JOSEPH A. LEIGHTON, PH.D., L.L.D. Ohio State University
Naturally, it is with some trepidation that a mere professor finds himself obliged to speak for his colleagues in this den of presidential lions. My trepidation is increased by the fearful suspicion that I must, of course, have an academic mind. It is still further increased by the uneasy consciousness that I may at any moment hear the crack of of the mule driver's whip behind me, since we have just heard that it is a presidential function to drive his twentymule team, the faculty. Perhaps it is lucky for me that my president is not here.
In entering upon a thirty-minute discussion of this complex and controversial subject, I feel pretty much in the state of mind of the late Doctor McCosh when entering upon his discussion of the Problem of Being. "Young gentlemen," he is quoted as saying, "this is a verra deefficult problem. Plato tried to solve it and failed, Aristotle tried it and failed," and, after enumerating all of the famous philosophers who had failed to solve the problem of being, Doctor McCosh concluded, "and I am no verra sure that I can solve it meself."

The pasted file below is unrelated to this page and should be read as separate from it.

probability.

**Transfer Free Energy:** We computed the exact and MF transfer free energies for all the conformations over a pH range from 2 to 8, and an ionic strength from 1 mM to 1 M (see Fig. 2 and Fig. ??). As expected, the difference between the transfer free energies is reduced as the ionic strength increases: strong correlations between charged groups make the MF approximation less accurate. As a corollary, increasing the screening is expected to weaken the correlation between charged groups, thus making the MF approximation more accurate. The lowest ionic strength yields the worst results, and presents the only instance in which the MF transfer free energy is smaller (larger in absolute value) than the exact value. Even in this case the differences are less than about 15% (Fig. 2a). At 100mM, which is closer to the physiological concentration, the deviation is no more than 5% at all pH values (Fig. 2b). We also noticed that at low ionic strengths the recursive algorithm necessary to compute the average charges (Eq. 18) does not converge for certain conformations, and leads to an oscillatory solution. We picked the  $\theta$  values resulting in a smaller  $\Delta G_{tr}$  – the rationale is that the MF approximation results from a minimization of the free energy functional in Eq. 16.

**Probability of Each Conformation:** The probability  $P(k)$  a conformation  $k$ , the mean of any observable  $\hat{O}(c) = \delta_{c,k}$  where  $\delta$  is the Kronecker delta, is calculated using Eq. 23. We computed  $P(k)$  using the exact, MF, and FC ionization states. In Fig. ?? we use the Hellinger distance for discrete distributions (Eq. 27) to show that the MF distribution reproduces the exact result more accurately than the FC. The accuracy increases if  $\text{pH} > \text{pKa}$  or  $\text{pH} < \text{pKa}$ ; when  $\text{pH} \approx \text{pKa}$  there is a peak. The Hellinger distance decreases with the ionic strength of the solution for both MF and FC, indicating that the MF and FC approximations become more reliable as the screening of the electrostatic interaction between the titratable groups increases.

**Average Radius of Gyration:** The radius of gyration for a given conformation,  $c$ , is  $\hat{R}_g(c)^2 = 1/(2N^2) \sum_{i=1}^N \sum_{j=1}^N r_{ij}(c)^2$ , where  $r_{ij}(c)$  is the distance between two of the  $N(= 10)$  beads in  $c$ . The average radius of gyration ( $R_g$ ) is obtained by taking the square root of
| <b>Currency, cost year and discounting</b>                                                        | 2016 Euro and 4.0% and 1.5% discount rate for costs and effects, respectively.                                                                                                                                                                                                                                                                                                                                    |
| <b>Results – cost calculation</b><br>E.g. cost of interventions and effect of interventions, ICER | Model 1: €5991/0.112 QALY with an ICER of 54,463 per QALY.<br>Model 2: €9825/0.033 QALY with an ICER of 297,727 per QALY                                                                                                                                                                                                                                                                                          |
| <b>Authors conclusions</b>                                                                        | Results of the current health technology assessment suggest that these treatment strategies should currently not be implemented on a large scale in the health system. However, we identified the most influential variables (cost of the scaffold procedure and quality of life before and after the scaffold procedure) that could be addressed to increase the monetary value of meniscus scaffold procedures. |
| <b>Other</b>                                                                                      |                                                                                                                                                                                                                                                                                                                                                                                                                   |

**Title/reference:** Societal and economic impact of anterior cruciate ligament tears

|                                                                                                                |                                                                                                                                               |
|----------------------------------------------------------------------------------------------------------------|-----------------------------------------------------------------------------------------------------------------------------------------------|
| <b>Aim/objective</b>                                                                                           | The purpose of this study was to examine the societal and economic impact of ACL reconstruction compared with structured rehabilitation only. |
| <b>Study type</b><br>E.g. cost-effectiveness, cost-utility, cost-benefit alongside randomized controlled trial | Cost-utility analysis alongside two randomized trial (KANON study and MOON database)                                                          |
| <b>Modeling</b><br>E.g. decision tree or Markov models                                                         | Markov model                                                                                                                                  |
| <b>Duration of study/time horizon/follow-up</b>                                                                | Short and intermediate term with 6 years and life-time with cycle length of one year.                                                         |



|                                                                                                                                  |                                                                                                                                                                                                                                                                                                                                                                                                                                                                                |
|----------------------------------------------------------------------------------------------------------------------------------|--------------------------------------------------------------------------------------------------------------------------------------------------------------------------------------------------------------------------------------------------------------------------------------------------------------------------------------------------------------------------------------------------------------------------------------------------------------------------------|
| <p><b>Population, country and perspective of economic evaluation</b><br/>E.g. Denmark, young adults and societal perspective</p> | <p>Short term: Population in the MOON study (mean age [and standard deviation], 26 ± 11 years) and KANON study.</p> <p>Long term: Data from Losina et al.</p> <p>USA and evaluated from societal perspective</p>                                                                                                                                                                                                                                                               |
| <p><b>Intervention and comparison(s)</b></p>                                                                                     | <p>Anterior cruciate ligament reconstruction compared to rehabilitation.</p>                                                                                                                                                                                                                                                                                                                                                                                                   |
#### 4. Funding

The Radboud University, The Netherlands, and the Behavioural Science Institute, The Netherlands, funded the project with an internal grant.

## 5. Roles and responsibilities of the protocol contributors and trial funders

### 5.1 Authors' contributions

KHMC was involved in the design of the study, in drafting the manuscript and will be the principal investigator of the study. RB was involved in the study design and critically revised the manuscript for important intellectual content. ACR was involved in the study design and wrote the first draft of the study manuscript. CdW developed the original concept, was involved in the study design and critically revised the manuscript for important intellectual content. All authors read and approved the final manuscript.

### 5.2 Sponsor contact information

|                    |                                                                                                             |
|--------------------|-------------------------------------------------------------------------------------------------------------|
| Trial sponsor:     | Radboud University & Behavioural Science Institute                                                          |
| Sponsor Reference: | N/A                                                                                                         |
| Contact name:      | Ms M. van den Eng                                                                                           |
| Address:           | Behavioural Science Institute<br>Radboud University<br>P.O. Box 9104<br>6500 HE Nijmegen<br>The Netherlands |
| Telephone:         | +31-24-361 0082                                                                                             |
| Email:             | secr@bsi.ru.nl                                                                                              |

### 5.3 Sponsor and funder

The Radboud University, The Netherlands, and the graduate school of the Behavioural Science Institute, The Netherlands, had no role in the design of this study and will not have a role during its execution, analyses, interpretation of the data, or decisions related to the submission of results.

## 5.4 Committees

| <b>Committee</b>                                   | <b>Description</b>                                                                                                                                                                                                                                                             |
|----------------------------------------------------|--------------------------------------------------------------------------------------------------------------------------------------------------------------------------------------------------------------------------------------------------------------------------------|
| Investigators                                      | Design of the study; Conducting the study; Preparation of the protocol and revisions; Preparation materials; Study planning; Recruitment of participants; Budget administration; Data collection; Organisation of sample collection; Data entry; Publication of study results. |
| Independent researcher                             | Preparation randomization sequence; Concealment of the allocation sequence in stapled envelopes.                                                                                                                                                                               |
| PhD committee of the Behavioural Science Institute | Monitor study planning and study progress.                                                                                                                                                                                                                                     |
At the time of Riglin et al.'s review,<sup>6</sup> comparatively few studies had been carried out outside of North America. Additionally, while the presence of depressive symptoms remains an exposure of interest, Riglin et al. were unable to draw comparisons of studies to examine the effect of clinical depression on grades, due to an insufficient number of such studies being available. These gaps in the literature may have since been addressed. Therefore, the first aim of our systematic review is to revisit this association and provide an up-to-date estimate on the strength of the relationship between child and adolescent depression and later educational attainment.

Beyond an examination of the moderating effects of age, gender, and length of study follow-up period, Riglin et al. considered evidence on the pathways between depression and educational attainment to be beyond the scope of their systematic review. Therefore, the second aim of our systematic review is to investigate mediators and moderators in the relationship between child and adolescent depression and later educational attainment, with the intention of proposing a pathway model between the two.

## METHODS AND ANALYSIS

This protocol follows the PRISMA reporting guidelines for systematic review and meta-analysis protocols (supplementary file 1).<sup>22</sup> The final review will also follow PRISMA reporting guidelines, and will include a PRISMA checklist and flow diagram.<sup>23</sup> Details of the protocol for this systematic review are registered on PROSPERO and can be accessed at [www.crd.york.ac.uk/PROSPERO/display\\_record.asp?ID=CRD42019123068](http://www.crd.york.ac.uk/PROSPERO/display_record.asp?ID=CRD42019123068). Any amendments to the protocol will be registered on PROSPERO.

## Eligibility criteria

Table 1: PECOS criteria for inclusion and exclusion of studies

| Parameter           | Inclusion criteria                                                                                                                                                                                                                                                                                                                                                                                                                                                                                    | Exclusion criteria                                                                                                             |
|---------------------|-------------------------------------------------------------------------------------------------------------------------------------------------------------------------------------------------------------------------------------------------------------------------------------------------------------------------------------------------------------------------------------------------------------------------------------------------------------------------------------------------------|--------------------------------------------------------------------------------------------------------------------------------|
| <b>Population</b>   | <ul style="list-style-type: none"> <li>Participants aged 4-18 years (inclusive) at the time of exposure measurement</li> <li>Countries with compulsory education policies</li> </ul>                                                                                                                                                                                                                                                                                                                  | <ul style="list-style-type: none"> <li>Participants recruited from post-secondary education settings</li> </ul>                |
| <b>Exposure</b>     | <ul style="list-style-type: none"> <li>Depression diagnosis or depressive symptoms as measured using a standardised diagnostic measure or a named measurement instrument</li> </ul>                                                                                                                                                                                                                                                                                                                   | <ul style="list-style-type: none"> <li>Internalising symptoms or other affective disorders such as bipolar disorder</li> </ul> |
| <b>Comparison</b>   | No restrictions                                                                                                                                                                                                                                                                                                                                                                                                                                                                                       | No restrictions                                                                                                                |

With respect to the subject of my address, I seem to see the goal in view, but I am not very certain as to the best means of reaching it. I shall have, perforce, to speak briefly and, therefore, dogmatically. What I would plead for, above all else, in view of the complexity of the problem and the great issues at stake, is openness of mind,